The author of the Canada Reads-nominated The Bone Cage tackles the ups and downs of amateur hockey, from a mother’s point of view.
More than 570,000 people are registered in Hockey Canada and more than 600,000 in Hockey USA. It’s a national obsession. But what does that really mean when your child wants to play on a team? As a former varsity athlete and university instructor teaching sport literature, novelist Angie Abdou is no stranger to sport obsession, but she finds herself conflicted when faced with the reality of the struggles, joys, and strains of having a child in amateur hockey. In Home Ice, with equal parts humour and anguish, Abdou charts a full season of life as an Atom-level hockey mom, from summer hockey camp to the end-of-season tournament. Her revealing stories and careful research on issues such as cost, gender bias, concussion, and family pressures offer a compellingly honest and complex insider’s view of parenting today’s young athlete in a competitive and high-pressure culture.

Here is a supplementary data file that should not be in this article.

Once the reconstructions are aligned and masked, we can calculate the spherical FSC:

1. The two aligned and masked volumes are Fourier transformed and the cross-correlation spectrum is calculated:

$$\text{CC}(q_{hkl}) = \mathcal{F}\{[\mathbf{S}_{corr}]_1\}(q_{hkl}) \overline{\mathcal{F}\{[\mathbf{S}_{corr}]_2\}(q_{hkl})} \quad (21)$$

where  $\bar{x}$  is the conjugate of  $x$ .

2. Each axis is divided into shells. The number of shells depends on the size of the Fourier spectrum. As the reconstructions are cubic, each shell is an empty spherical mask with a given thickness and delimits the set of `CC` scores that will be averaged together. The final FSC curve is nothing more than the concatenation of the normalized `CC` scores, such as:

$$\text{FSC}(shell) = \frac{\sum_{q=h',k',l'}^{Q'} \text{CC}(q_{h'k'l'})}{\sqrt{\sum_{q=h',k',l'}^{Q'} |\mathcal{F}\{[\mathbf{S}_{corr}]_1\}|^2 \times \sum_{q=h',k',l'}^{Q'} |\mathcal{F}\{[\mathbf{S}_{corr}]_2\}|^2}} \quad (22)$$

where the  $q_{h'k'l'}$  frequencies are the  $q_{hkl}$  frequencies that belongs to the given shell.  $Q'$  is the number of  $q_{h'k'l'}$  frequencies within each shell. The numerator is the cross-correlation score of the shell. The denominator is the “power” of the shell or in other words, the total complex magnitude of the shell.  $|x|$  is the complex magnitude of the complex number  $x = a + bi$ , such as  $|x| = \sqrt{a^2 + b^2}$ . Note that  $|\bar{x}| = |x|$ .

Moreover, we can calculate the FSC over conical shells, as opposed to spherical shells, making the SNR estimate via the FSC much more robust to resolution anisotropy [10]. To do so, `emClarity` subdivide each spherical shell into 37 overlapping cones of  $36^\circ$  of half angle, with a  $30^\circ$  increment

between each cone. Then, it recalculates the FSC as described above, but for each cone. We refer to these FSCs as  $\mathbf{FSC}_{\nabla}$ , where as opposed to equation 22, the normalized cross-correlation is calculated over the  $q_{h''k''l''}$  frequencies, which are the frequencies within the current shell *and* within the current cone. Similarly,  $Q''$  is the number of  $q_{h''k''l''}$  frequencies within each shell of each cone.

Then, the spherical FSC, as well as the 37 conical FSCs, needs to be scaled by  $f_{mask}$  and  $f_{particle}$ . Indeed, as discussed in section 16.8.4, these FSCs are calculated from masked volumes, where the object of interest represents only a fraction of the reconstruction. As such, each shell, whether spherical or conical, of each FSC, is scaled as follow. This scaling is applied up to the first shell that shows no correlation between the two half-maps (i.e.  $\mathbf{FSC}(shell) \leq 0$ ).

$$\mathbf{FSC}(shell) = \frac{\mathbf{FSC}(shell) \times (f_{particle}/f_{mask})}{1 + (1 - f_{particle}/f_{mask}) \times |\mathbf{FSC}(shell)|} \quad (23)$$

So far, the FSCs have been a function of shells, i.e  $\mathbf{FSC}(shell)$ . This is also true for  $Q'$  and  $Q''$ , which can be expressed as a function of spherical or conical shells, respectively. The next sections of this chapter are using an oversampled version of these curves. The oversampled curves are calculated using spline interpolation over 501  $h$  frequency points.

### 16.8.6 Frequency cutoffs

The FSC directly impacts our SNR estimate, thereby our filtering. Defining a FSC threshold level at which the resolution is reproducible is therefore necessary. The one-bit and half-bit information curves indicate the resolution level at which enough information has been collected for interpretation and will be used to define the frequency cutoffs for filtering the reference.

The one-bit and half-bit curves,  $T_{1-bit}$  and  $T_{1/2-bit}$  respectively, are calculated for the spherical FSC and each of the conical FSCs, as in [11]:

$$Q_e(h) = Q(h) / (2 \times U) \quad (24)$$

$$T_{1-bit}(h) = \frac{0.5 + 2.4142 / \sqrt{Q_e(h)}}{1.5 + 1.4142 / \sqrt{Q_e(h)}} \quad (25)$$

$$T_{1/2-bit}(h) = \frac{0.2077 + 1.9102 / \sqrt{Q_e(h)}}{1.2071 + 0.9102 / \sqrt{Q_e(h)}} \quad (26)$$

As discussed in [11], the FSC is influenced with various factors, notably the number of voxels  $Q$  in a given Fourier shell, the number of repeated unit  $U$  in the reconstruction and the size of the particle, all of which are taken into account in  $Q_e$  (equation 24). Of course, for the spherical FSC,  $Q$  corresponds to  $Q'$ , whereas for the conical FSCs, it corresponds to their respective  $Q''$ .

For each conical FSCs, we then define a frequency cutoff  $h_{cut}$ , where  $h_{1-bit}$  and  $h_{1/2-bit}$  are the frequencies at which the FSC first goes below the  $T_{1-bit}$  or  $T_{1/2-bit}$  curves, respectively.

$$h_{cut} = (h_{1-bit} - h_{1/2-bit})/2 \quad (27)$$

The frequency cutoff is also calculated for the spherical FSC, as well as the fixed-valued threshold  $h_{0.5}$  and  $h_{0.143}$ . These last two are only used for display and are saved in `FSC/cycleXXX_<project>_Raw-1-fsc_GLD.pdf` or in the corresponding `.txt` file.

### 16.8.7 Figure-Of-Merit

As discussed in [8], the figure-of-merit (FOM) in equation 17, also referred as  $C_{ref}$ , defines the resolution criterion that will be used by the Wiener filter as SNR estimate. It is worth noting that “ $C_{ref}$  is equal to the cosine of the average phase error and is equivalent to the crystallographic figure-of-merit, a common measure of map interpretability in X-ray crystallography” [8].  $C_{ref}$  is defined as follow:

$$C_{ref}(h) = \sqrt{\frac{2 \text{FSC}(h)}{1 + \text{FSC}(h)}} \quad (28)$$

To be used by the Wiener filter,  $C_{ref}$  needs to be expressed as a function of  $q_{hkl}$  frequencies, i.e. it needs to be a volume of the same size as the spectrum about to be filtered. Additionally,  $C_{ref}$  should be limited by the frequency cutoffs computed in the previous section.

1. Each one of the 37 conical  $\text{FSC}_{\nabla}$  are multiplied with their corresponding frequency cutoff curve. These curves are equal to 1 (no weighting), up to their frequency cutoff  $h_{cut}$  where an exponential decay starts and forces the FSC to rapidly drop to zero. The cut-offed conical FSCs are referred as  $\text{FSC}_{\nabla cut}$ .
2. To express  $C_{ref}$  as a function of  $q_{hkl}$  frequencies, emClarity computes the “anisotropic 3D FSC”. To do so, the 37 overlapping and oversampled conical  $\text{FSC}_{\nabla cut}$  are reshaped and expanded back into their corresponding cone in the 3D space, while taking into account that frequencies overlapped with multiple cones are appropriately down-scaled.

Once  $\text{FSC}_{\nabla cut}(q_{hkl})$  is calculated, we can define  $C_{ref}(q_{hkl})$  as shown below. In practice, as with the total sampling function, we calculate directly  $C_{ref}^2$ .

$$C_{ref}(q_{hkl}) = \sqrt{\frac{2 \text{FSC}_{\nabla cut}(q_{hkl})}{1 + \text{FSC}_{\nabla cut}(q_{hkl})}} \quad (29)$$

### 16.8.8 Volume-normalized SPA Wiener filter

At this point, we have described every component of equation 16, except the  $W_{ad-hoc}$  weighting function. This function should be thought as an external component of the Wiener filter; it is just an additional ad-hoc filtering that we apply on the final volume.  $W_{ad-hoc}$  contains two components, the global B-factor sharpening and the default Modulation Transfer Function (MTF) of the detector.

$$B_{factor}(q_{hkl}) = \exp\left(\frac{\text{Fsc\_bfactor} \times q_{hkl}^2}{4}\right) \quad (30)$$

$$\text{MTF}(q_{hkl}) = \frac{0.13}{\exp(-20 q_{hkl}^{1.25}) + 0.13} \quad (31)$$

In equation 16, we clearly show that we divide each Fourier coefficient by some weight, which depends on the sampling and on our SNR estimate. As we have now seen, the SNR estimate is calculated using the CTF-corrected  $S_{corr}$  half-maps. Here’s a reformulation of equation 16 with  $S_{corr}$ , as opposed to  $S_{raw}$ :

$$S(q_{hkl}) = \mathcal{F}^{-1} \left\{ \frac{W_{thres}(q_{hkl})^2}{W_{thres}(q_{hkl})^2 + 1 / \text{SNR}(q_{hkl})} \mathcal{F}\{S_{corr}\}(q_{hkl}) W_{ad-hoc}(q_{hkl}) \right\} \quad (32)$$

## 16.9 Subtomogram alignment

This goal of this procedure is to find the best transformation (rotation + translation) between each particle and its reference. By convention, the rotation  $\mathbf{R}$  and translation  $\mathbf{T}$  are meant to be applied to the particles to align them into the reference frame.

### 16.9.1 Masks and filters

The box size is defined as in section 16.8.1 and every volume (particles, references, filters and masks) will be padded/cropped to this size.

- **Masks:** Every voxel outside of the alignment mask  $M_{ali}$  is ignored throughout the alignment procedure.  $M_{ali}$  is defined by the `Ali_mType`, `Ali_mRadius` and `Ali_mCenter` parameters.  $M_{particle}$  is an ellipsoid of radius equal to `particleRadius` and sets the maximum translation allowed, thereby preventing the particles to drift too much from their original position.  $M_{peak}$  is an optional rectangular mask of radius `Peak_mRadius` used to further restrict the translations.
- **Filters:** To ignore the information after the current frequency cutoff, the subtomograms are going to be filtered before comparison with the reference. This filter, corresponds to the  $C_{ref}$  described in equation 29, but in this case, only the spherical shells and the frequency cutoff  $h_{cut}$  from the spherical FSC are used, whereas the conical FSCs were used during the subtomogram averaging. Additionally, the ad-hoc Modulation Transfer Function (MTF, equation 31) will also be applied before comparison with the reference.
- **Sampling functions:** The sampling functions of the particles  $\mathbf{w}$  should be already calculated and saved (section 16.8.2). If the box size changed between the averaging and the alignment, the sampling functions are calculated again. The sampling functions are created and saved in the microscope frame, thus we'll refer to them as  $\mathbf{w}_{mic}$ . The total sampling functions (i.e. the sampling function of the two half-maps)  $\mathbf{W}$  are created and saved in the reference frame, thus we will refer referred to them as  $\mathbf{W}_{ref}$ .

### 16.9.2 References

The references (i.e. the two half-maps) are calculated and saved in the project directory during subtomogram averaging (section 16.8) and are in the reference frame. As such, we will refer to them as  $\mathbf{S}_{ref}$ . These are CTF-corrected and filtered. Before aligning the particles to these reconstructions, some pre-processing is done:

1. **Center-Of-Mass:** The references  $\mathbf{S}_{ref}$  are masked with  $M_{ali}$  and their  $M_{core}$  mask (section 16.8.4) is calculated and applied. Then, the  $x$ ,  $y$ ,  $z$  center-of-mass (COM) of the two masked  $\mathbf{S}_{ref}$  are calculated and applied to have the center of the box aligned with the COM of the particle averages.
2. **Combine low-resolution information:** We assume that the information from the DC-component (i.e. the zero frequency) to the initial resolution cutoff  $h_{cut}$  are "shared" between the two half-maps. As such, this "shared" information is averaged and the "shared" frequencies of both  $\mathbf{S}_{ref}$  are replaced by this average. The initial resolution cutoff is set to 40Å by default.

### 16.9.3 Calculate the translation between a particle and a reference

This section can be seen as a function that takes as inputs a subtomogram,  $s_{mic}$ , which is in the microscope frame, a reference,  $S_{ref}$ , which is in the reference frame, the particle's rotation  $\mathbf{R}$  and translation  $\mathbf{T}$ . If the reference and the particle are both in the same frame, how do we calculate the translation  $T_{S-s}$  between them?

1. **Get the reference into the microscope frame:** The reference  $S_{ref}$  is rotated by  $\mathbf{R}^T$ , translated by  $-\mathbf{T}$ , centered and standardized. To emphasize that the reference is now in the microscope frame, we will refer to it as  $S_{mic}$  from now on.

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interesting and insightful
It’s a beautiful and honest memoir. Normally I have no interest in mom books because I’m not a parent, but it was interesting and insightful—hooked me with the sports and relationship narrative. Highly recommend.